All the same, in the way that I see reality, and in the way that I most prefer to engage it, I also see peril in buying into misinterpreted or misrepresented data. This caution label is still attached with me, even if skewed data might be more comforting to buy into if it would assure me that I could assume my deceased loved ones still exist somewhere else. In my book that I cited earlier, I spend a brief amount of time giving attention to some of the conundrums that can exist within this take on this investigative journey, because what if a piece of evidence, regardless of its merit, does give someone comfort? Do I want to take that comfort away? I really do not, as life can be hard enough as it already is. And, what I want to definitively say in my present words, if I were to get no other point across, is that I would never, ever want to be the reason that anyone decided to not believe in something. I would never want to take away a person’s trust in there being something more to our being, and I would find it to be horrific if anything I have ever written would foster any such outcome. It is just that for me, as a lone psyche, I simply cannot be satisfied with embellishment. My passion is to understand reality as it is, and not the way that I would prefer it to be.

My mother and father are in their mid-eighties now, and sometimes our conversations are interrupted by moments when the coldness of real life catches up with us, when we have to acknowledge the dreaded imposition of mortality. We are reminded to never take a single day for granted, and I try diligently not to do so. The memory of my grandparents keeps me vigilant in making sure that I do not leave anything unsaid with my parents. Nothing garners greater significance in my life than communicating to my parents that their value to me is that of the utmost. Loss teaches us not only to relish those who have departed, but to also never take for granted those who remain behind with us. Loss should encourage us to make sure that the remaining know of their personal significance within our affinities.

What enables the undergirded interaction with my parents is the tradition by which they and I have all chosen to adhere to for establishing a baseline by which we can find common footing. Martin Gardner, in some of the errant accusations that were directed at him, was judged, and understandably, by many to be an atheist. At least one individual who even knew him for years had drawn the same conclusion, but simply did so based on how Gardner broke things out rationally, as if perhaps to make himself sound like the world’s most staunch materialist. Yet, the reality was that Martin Gardner was not an atheist. Although he did leave the church, his belief in God remained with him throughout his life. Gardner called himself a philosophical theist, along with the additional tagging of calling himself a, “fideist.” In consistent form, he explained how he arrived at his decisions and belief, while also not excusing his own views from logic. Unlike Gardner, I have never left the church. Thus, I am left with having to justify a sympathetic appreciation for a more specific system of belief, and over time, for lack of any better description, I have come to refer to myself as a quantum subjectivist within the context of my own affiliated denomination. The moniker is merely a fancy way of taking conjecture from some unbridled discussions derived from the philosophical far side of quantum mechanics, while blending them with the philosophical school of subjectivism, all the while being framed against the Synoptic, Johannine, and Pauline writ. Wow, were you able to get all of that in one reading? But, how do these previous words serve as any illustration when alluding to my taking the time to speak a bit to my also having a healthy admiration for the subjective? Do I then still sound like the skeptically minded magician? Perhaps Gardner did not in some cases, nor do I, in some cases, and I really think it more satisfyingly balanced to say that I am actually glad that I do not sound to be the curmudgeon magician, all of the time.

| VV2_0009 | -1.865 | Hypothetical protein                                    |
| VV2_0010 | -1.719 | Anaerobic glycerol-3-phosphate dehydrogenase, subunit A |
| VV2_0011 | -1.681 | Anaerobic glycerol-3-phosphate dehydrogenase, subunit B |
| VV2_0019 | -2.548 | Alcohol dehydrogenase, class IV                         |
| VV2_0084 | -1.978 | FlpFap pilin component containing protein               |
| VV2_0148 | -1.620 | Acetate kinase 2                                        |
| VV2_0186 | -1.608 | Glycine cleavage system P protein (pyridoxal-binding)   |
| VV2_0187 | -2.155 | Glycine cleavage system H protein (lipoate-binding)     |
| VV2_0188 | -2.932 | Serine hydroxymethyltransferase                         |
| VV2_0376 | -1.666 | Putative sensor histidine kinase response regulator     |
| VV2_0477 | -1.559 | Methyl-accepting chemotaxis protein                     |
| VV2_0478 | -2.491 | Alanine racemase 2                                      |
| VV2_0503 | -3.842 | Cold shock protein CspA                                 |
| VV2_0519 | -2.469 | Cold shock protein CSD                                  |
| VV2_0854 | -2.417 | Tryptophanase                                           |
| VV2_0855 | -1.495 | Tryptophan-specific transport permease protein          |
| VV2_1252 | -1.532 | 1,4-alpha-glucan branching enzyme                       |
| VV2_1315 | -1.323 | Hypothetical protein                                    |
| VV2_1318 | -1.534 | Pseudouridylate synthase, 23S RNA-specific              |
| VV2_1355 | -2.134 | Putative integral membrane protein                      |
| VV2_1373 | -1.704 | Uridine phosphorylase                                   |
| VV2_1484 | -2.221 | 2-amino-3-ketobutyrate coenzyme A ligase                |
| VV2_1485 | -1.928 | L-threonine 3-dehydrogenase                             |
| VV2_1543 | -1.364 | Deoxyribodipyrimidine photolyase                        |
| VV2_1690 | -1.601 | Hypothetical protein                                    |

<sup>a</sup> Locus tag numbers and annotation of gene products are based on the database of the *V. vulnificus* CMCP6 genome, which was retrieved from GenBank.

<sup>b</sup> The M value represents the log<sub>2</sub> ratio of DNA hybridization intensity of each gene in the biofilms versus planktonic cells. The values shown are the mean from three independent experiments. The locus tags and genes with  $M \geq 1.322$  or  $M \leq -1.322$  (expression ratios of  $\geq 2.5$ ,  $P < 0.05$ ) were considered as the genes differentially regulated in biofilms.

When discussing belief, and the immense beauty that I find within it, the greatest hurdles for me have never had anything to do with the commonly cited list of logical gymnastics, crisis of doubt, theology, ontology, teleology, correspondence/coherence theory, human suffering, etc. What has served as the greatest academic impediment for me is the fact that some of my deepest remembrances have resulted from injurious misrepresentation by others over the ideals on which the faith is founded. Countless other individuals have issued the same citations in protest, but I am speaking in somewhat of a different way that is more logic based and not wrapped up in any juvenile focus over hypocrisy. My question becomes, how am I able to speak rationally to the irrational behavior by which I have been on the receiving end, delivered by some individuals who identify themselves readily with faith. These personal incidents have been highlighted and indelibly imprinted upon me by persons who claim to attribute their life foundations to faith persuasions, and yet, I could easily sit here and type in elaboration, with specific examples, as to just how calloused and ruthless they can be while giving themselves the total laterality for doing so. Remorse is not in their makeup. Since these individuals, of their own volition, have professed their religious affiliations, I always took assumption as to the code of ethics by which they would more than likely conduct themselves, even though the mini-magician in me knows better. I always engaged these specific individuals on the grounds of fairness due to my socially based grandeur, because of their public correlation with these belief systems. I expected that fairness was always the background by which they would police themselves, and that, in turn, I would also honor my respect for them through imparting fairness through my own action. In stark contrast, I came to experience an unforgettable unfairness that falls outside any rational application or thoughtful rumination having to do with any faith based set of behaviors. I was appallingly reminded of why I have always known to read persons through the eyes of magicians, because to not do so, is to always miss what is really underneath. It is this one core factor of thoughtless malfeasance which has made it so difficult for me to continue to try and execute a sensible dialogue when speaking to theological application to life. Logically speaking, these kinds of actions leave me in a, “does not compute,” mode, whereby I can no longer seem to even make an attempt at any intelligible address. After enduring these very key and life forming experiences, while always having tried to make sense of these contradictions, I have been left dumbfounded how individuals can lead such dual lives, where they can follow the rules of the streets when they so fit them, while their professed belief dangles as no more than a mere magic charm to be worn around their neck and invoked when needed. I am bewildered and left wondering if I can ever take part again in a discussion that I sentimentally miss, because of the aesthetics that it contains, but a discussion that also begs so much elucidation from the minds of the self-serving. My own mind grinds into a state of wheel lock where there has to be any consideration of professed believers defaming such a beautiful belief by retaining a theological narrative through which there is absolutely no application. More simply put, why bother proclaiming an ideology that implies standards, when their regard for most individuals should instead be considered as ambassadorship for sociopathy over that of any theistically acquainted God?